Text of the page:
Archive for August, 2010

Ask to waive the audit clause

August 30th, 2010

While it won’t save you money when negotiating the initial contract, asking your software supplier to remove the audit clause from their contract could well save you a bunch of money down the line. An audit clause gives your software supplier the right to audit your usage of their software at any time. Time and again software suppliers have audited users and found their actual software use is above the contracted level and so more licenses (and money) is demanded. My blog last week reminded you to check usage rights to avoid non-compliance. So during contract negotiations, always ask that the supplier remove the audit clause. Some will and some won’t. But if they do then you might well save some money and some compliance embarrasment in subsequent years.



Clarify the fine print; define usage rights

August 23rd, 2010

Software license types and definitions vary from one vendor to another. Failing to clarify what the license types are and what the definitions mean in your software contract can cost you money! Before you sign on the dotted line, always ensure you have clarified and understood what it is you are buying and make sure that license types and definitions are clearly stated in the software contract.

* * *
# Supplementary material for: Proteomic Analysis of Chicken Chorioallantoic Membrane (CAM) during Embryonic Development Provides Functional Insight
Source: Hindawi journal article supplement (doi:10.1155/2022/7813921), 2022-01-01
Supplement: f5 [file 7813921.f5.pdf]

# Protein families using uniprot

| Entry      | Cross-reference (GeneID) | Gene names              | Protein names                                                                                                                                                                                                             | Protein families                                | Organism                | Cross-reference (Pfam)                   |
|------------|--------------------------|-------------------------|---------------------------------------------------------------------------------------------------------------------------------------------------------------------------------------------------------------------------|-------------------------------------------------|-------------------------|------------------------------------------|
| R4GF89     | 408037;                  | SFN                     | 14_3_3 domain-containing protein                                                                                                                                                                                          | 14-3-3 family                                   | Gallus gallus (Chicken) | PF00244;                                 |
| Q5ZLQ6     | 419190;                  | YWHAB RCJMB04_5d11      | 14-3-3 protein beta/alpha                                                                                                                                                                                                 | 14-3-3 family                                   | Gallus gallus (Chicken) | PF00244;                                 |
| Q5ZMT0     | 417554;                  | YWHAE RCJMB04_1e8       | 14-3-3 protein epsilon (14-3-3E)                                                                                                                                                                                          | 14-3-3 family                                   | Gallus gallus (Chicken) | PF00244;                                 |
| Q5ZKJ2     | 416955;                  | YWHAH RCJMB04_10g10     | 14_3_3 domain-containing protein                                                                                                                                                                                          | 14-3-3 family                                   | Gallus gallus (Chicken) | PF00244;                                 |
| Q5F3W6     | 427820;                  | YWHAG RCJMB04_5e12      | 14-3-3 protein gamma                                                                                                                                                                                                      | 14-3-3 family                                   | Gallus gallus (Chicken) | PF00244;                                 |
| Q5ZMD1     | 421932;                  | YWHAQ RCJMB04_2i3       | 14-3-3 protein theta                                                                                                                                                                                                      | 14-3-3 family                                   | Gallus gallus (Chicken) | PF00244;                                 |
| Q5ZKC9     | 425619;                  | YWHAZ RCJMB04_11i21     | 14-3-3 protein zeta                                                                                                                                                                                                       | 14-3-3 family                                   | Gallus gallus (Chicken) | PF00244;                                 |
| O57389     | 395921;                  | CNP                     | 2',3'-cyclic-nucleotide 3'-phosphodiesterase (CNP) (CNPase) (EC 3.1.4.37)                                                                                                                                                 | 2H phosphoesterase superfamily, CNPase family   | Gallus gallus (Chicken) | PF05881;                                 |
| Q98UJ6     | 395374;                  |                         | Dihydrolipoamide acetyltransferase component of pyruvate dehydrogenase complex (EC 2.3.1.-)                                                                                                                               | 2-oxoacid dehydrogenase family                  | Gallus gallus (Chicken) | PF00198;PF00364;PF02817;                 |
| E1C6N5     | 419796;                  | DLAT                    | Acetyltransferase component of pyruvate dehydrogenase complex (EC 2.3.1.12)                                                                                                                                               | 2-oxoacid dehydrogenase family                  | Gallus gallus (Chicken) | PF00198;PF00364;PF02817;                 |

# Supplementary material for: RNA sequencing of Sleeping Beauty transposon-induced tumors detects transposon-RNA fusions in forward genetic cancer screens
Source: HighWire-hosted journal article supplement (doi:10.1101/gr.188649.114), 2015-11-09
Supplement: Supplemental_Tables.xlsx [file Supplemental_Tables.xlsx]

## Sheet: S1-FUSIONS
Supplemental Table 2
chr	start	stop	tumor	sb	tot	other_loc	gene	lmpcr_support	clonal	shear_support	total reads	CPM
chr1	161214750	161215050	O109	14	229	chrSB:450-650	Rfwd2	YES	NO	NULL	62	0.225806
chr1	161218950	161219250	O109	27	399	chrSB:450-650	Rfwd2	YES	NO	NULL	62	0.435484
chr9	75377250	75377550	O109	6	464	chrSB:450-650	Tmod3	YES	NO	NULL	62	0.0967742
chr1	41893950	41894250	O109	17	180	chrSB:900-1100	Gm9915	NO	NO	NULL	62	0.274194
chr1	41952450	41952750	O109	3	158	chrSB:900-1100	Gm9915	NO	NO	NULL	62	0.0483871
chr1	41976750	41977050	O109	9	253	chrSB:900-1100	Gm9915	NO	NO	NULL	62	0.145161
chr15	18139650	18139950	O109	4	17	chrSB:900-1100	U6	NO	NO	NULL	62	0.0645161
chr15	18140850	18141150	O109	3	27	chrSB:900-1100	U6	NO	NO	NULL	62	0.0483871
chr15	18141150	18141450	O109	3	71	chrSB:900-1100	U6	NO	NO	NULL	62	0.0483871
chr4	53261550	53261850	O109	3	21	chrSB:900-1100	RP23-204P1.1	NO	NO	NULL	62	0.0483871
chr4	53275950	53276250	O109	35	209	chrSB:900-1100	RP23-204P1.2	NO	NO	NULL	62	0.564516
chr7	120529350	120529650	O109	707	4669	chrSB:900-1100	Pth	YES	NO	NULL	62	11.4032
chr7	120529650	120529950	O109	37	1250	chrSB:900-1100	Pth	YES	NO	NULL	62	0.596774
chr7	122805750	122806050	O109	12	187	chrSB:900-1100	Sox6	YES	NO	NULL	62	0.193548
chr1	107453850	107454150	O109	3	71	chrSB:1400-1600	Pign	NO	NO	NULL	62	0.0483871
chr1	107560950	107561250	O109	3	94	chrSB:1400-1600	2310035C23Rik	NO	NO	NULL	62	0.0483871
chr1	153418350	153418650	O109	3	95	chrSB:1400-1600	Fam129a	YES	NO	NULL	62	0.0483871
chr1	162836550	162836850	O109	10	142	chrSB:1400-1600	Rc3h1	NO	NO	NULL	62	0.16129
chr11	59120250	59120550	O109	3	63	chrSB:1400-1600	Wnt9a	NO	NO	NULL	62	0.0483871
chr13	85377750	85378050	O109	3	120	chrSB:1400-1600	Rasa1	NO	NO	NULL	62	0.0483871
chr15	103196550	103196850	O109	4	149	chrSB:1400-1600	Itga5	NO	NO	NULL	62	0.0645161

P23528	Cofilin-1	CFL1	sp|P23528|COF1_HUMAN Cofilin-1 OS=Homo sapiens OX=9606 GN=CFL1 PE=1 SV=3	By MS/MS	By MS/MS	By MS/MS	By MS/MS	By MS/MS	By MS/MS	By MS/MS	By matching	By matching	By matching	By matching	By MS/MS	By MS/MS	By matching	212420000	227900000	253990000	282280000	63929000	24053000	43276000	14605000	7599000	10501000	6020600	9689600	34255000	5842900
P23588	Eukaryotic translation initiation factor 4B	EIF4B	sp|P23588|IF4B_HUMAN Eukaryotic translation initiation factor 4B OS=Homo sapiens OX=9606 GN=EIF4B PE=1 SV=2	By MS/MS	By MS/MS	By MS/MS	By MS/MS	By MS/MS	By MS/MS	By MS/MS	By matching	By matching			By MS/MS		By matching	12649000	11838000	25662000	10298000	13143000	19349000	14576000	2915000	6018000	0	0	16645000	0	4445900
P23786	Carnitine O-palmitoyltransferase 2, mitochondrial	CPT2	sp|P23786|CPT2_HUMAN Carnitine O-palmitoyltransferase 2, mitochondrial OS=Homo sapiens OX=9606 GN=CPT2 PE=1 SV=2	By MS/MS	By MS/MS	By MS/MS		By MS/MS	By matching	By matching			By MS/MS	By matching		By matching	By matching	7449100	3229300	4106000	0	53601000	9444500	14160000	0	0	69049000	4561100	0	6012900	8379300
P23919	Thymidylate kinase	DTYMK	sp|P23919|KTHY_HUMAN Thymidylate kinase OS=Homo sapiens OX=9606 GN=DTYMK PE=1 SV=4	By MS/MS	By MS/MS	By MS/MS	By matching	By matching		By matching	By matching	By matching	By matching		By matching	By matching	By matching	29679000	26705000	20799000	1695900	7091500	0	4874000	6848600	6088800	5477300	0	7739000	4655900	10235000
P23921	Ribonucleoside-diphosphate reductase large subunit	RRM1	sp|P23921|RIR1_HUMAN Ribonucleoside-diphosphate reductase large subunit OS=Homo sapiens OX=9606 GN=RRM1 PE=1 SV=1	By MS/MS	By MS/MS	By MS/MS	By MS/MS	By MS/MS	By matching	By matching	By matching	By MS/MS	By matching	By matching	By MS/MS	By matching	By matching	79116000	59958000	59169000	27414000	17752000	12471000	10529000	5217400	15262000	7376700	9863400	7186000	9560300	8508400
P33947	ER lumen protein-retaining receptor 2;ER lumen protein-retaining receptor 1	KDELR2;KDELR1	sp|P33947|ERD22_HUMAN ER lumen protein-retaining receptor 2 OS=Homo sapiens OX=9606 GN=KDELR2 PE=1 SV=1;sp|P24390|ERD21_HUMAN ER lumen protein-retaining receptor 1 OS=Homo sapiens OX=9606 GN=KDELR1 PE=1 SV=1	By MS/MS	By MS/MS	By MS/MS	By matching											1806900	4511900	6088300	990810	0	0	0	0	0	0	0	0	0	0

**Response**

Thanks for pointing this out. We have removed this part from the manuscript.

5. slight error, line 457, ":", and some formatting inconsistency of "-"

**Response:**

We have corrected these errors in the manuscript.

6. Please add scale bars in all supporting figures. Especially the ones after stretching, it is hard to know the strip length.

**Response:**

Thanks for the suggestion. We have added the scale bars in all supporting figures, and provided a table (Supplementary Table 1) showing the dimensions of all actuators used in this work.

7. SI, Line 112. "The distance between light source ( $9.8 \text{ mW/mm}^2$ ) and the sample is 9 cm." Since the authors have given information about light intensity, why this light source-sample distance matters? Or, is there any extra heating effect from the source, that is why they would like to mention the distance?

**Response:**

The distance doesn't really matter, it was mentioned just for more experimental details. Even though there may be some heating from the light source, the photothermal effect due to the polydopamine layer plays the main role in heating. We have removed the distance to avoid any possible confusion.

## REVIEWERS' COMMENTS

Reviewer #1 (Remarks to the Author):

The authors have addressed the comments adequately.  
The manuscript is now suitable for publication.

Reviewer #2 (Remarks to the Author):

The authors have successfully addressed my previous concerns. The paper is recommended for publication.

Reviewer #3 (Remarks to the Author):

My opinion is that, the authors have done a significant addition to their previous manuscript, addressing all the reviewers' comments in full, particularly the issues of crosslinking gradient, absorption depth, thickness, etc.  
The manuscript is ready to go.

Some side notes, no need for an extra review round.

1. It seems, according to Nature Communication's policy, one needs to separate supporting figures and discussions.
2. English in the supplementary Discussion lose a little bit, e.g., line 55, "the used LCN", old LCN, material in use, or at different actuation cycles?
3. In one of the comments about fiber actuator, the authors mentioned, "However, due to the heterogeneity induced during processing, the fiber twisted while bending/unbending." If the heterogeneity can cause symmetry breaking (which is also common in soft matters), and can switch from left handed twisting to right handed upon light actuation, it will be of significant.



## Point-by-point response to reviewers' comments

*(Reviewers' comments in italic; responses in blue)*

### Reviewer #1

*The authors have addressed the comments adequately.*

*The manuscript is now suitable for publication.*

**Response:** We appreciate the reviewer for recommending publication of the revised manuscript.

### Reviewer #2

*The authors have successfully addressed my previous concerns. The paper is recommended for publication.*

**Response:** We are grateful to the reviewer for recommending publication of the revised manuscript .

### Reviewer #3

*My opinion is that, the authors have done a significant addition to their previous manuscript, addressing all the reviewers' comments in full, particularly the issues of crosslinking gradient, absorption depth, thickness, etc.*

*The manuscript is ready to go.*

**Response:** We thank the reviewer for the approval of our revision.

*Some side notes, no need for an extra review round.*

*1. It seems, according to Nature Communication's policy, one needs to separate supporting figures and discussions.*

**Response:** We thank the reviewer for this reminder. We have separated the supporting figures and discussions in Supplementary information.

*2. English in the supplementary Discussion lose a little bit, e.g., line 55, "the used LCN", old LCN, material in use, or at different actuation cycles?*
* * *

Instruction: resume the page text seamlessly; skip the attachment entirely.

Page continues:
Software suppliers are adept at auditing users and finding businesses where their software is being used in breach of the license types or definitions in their contract; the net result is usually an unexpected and unbudgeted invoice arriving on your finance directors desk asking for payment for the actual software usage. If you don’t want to get caught out, then make sure you know what you’re signing when a software supplier presents you with a license contract. Look particularly at the number of users allowed, the type of users (ie, named, concurrent, employee, cpu, affiliate, professional, lite, etc etc), the geography of use (ie, on one site, across multiple sites, in subsidiaries, outside the UK, etc), and also clarify the definition for each license type (ie, what does ‘concurrent’, ‘cpu’, ‘lite’ etc actually mean?). Also check to see what happens if you were to outsource your IT function; does your software contract allow free and easy transfer of use to an external party?

A little time spent up-front prior to signing a contract can save you a lot of wasted time and money later!

Microsoft and Google want to run your email and lower your costs

August 19th, 2010

It looks like email could well be the next battleground for Microsoft and Google to fight over market share.

As organisations evaluate e-mail strategies over the next five years, Microsoft and Google will compete for the bulk of the market, says analyst Forrester Research. This is due to cloud-based e-mail being the cheap entry point to a deeper and more profitable collaboration deal for vendors. Microsoft and Google will be happy to outbid each other to win your e-mail business because they know there’s more money to be made in conferencing, team sites, videoconferencing and social software down the line. Cisco, IBM, Microsoft and Google are rapidly approaching feature and price parity in their e-mail offerings.